Gay men may also engage in “clean eating” — another form of dieting under the guise of “health” — as a way to manage the stigma of being gay through appeals to bodily cleanliness and moral superiority. The assumption is that if we eat foods that are “clean,” we are, by extension, “clean,” and if we eat “unhealthy” foods we are therefore “contaminated” or “dirty.” I admit that for awhile I got into “clean eating,” in part, as a way to feel morally superior to other gay/queer men. My thought process was that if I didn’t have the ideal body aesthetic, I could at least feel better about myself because I was eating “cleaner” in comparison to others. In reality, food holds no moral value outside the value a culture — in this case Western diet culture — ascribes to it.

The invisibility of diet culture within gay male culture also results in some gay men seeing the end results of their personal “fitness journeys” as something all gay men can attain through discipline and hard work. The message is that anyone can achieve acceptance within gay culture if only they hit the gym and eat “healthy.” Such messages are diet culture dressed up as “fitness inspiration.” They may further be seen as anti-homophobic messages — not diet messages — because gay men may link their “fitness journeys” to overcoming bullying, harassment, and internalized shame.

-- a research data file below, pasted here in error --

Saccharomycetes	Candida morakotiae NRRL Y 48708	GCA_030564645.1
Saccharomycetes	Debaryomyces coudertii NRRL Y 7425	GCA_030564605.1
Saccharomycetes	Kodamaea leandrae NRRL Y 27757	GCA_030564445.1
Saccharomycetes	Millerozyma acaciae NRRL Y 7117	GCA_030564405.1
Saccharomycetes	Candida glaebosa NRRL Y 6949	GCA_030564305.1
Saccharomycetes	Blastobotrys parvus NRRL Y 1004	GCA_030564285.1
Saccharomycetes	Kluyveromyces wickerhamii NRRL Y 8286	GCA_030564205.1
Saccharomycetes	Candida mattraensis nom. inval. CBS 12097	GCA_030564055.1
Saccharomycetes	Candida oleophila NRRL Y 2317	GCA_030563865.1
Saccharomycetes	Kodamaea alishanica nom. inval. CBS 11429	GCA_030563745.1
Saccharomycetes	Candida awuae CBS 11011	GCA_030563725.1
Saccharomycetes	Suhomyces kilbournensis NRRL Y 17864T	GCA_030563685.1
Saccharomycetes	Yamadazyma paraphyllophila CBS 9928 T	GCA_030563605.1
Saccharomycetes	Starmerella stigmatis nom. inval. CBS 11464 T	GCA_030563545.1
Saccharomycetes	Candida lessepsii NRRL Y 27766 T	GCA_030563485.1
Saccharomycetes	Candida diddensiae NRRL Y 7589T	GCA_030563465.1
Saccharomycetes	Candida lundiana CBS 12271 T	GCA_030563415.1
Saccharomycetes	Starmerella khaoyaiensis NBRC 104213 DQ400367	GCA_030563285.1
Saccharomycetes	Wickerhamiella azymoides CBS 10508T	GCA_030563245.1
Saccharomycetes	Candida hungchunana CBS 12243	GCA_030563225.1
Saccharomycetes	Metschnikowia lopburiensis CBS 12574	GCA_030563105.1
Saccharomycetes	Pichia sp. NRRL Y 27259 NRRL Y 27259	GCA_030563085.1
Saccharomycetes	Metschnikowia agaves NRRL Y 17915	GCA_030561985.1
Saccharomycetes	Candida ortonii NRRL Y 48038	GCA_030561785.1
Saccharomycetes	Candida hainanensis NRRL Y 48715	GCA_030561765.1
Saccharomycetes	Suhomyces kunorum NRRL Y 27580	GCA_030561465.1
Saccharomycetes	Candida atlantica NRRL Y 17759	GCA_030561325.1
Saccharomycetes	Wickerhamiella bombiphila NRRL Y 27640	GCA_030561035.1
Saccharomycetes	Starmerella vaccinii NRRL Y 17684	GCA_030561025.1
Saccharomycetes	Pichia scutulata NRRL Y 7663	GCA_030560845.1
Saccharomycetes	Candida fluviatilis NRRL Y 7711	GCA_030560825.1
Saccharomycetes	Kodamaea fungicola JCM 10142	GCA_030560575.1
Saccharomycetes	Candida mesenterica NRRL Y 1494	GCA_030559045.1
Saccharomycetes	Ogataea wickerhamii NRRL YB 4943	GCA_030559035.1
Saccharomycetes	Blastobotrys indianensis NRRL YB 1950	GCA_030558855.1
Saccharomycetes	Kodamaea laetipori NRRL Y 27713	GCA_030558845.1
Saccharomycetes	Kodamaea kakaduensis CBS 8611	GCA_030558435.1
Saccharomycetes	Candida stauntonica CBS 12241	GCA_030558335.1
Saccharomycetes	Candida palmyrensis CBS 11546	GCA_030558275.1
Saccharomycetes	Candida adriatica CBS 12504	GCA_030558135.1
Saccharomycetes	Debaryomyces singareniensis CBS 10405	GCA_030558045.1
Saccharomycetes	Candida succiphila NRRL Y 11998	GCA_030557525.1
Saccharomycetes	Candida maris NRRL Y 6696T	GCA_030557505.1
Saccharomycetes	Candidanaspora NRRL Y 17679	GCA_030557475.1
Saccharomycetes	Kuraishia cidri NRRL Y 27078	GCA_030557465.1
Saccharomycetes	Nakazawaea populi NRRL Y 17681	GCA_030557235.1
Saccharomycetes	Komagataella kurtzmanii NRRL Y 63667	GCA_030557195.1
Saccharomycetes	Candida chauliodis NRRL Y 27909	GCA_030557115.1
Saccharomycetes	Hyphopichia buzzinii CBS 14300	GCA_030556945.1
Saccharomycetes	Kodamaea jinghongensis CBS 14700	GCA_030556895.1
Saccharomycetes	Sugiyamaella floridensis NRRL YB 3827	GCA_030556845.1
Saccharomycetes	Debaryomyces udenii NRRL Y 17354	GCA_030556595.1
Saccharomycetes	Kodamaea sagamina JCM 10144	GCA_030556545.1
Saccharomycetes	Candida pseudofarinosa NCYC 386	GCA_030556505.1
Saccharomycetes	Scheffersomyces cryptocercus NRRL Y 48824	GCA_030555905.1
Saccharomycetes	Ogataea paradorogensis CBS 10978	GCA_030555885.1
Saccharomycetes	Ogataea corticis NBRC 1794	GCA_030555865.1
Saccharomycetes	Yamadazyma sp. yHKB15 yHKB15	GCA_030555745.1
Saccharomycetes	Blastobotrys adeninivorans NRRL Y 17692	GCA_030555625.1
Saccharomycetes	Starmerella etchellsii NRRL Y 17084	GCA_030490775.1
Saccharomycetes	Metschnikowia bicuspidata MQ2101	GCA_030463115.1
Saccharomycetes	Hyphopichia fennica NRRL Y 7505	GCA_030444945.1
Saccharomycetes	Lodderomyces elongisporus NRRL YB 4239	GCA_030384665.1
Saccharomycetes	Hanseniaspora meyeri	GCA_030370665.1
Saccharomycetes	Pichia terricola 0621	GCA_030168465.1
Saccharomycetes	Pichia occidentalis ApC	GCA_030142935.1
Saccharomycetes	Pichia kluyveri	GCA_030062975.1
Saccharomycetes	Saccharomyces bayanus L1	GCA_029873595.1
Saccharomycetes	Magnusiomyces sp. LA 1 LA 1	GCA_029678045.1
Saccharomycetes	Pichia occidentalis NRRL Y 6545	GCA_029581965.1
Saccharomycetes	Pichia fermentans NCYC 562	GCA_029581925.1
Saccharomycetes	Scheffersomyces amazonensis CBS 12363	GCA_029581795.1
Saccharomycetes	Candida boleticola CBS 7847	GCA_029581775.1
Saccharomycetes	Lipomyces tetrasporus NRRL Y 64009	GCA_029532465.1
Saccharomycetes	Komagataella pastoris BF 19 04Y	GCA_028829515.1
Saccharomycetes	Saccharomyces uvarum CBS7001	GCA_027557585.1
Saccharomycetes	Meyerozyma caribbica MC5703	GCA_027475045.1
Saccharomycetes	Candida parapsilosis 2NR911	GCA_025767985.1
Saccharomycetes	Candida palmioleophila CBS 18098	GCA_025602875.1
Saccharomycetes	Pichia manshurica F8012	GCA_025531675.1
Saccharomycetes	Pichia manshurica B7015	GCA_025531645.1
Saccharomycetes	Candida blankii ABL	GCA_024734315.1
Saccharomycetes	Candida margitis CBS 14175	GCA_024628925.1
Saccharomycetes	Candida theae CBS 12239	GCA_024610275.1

The majority of these men, in the words of Harrison, “were born on third base but think they batted a triple.” Genetic privilege allows them to more easily conform to the normate gay ideal. Feminist activist and educator Warren Farrell refers to this phenomenon as “genetic celebrity,” or, the largely unearned adoration we bestow upon those whose physical appearances, based upon random combinations of genetic factors, fall within the parameters of what a particular culture deems “attractive” and thus desirable and worthy.

While thin or “fit” gay men may also suffer from body image issues that intersect with experiences of homophobia, they should simultaneously acknowledge their thin privilege and the fact that they do not have to face the pervasive stigma and stress experienced by those who live in larger bodies. Put differently, there is no system of oppression that marginalizes thin people in the ways sizeism and lookism oppress those who are larger.

Pointing out the extent diet culture and gay male culture are enmeshed is challenging because it unsettles notions gay men have long held as truths. It is difficult for some gay men to acknowledge and surrender the social and sexual privileges conferred by normate gay status and to work towards collective body liberation.